A financial bond or note is a promise to pay some fixed amount at some given date. Two things, beyond the promised amount of payment, determine the price of a such an instrument.
First, there is the associated danger of a default. A possibility of default turns the bond or note into a sort of lottery, in which the actual pay-off could be the full, promised value, or nothing, or anything in-between (at least, anything reaizable in terms of the minimum division of the payment), or even some new pledge, promising a later payment of some sort. Each of these outcomes has some associated plausibility, and the lottery is valued accordingly.
Second, there is also the fact that the instrument is a promise of future payment; since pay-off cannot itself be put to immediate use (as consumption or as investment), its price is discounted to reflect time-preference and the forgone productivity of assets used to buy it.
Just to get the gist of that clearly, imagine that the value of a lottery were simply that of the mathematical expectation of its pay-off. The price of a bond would then be discounted expected pay-off.
So far, the causality here is just flowing one way. Possible-pay-offs and their probabilities determine an expectation or something like that, and then time-preference and productivity determine the present value of that expectation or expectation-like value, and that's the price of the instrument. And if the pledge were issued by a private institution, that would generally be it.
On the other hand, when such instruments are issued by a state, politics can make things interesting.
The Greek state is going to default on repayment of its borrowing. Its citizens are simply not willing to accept the costs to them of full repayment. In fact, they're not willing to fully repay what remains after politically possible subsidies from other states. Those who have lent money to Greece will receive less than they were promised.
The price of bonds issued by the Greek state already reflects the expectation of default. This reduced price is going to be used against bond-holders, both against those who are paying it now, and against those who paid a higher price and have held onto their bonds even as value dropped (as they gambled that the Greek state would not default or at least not default as much as some expect). What will happen is that populists, anti-rentiers, and opportunists will argue as if all bond-holders had paid that steeply discounted price, and as if those who paid that price lose nothing if they only recover the nominal purchase price.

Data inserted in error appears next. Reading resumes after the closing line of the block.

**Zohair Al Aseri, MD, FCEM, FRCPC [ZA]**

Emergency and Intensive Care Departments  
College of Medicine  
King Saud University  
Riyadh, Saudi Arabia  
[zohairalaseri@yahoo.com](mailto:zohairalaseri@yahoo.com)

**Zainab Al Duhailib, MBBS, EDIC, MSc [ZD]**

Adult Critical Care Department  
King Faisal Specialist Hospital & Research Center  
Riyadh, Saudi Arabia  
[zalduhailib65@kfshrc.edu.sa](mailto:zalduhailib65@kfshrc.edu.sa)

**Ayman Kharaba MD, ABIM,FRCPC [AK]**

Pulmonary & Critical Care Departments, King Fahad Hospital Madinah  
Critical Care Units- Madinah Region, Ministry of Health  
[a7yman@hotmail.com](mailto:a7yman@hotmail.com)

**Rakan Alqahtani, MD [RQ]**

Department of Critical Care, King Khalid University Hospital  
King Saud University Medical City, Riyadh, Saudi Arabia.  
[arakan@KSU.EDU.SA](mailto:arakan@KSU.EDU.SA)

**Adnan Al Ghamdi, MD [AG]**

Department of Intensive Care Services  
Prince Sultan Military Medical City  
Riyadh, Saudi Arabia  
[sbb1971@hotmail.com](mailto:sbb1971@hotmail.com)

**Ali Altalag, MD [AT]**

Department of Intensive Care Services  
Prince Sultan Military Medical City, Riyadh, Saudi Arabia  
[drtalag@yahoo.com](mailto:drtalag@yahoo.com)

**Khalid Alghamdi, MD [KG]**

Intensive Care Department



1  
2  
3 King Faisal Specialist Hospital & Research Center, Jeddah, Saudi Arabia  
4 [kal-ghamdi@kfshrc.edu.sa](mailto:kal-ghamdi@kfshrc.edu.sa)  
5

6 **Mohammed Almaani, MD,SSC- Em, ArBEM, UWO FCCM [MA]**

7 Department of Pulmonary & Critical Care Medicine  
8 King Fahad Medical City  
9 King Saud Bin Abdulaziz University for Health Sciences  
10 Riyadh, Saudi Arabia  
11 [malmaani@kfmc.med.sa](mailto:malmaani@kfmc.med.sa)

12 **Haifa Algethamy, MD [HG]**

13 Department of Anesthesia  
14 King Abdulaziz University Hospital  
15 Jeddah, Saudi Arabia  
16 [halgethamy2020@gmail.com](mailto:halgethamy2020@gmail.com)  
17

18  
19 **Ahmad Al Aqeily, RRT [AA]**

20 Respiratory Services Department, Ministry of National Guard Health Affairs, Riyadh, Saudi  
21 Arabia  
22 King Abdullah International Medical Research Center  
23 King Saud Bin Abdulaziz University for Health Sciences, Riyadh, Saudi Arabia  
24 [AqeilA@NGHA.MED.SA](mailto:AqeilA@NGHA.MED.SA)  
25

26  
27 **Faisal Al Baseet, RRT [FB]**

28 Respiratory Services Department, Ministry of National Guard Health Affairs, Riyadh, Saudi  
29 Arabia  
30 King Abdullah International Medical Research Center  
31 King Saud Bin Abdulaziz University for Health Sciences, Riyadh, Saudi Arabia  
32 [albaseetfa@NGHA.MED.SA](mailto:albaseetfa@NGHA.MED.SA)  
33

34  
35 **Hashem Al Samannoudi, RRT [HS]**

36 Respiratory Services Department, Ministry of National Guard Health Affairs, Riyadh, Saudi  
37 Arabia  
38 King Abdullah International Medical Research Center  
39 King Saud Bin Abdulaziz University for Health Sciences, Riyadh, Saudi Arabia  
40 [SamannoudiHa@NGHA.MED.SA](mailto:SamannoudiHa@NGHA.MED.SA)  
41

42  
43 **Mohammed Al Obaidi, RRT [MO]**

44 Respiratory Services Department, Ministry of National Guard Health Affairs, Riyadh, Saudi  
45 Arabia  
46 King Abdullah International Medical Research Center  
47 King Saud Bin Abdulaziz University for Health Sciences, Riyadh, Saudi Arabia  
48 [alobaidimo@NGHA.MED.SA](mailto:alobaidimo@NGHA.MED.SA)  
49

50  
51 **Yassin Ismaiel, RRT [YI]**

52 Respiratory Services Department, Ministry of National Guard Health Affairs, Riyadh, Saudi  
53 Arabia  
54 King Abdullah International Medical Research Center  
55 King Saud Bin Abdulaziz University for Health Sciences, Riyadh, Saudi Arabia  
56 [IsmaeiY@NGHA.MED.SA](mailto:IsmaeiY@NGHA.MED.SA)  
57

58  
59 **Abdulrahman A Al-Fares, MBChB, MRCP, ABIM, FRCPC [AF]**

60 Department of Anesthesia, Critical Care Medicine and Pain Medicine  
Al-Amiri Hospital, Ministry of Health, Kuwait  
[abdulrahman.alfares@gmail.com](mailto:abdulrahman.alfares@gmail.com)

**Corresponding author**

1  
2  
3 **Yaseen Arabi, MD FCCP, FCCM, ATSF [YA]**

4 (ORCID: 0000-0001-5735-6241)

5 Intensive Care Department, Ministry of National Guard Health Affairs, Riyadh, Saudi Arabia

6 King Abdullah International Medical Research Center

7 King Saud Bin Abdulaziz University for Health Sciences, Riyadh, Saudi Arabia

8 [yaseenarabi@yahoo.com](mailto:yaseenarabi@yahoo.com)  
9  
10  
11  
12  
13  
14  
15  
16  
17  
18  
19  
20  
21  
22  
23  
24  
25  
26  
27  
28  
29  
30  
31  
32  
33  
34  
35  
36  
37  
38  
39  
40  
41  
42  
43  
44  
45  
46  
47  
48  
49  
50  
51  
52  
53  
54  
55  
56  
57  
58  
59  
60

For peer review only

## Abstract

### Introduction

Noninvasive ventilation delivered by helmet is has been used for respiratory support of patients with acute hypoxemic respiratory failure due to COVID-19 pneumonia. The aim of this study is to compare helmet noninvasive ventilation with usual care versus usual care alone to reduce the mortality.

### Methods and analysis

And what makes that interesting is that it means that causality should now be flowing cyclically, where present price pronouncèdly affects the relative plausibilities of possible pay-offs, even as these continue to affect present price.
I've not sat down to work-out a formal model. But, while I don't expect that the equilibrium price of a Greek bond would be zero, I don't know that one can rule that out. (On the other hand, while economic equilibria are useful in understanding and approximating, the world is never in equilibrium.)
I do think that something might be said here about the ethics of sovereign debt.
It isn't heads of state or of government, or treasurers, or legislators as such who repay this debt. It isn't voters as such who pay-off this debt. It is tax-payers as such who pay-off sovereign debt (except where it is paid by selling assets such as territory and state enterprises). Sometimes the tax-payers weren't even born when the state went into debt. Moral claims against them for repayment are thin at best. I once read buying sovereign debt compared to buying shares in pirate ships (which one could at one time do openly in some places, and can still do quietly in some places), and I think that comparison quite apt.
On the other hand, it is plain that most of the Greeks protesting against austerity measures are signally unconcerned about the welfare of the Greek tax-payer; they just want any resources drawn from him or her to be directed to them.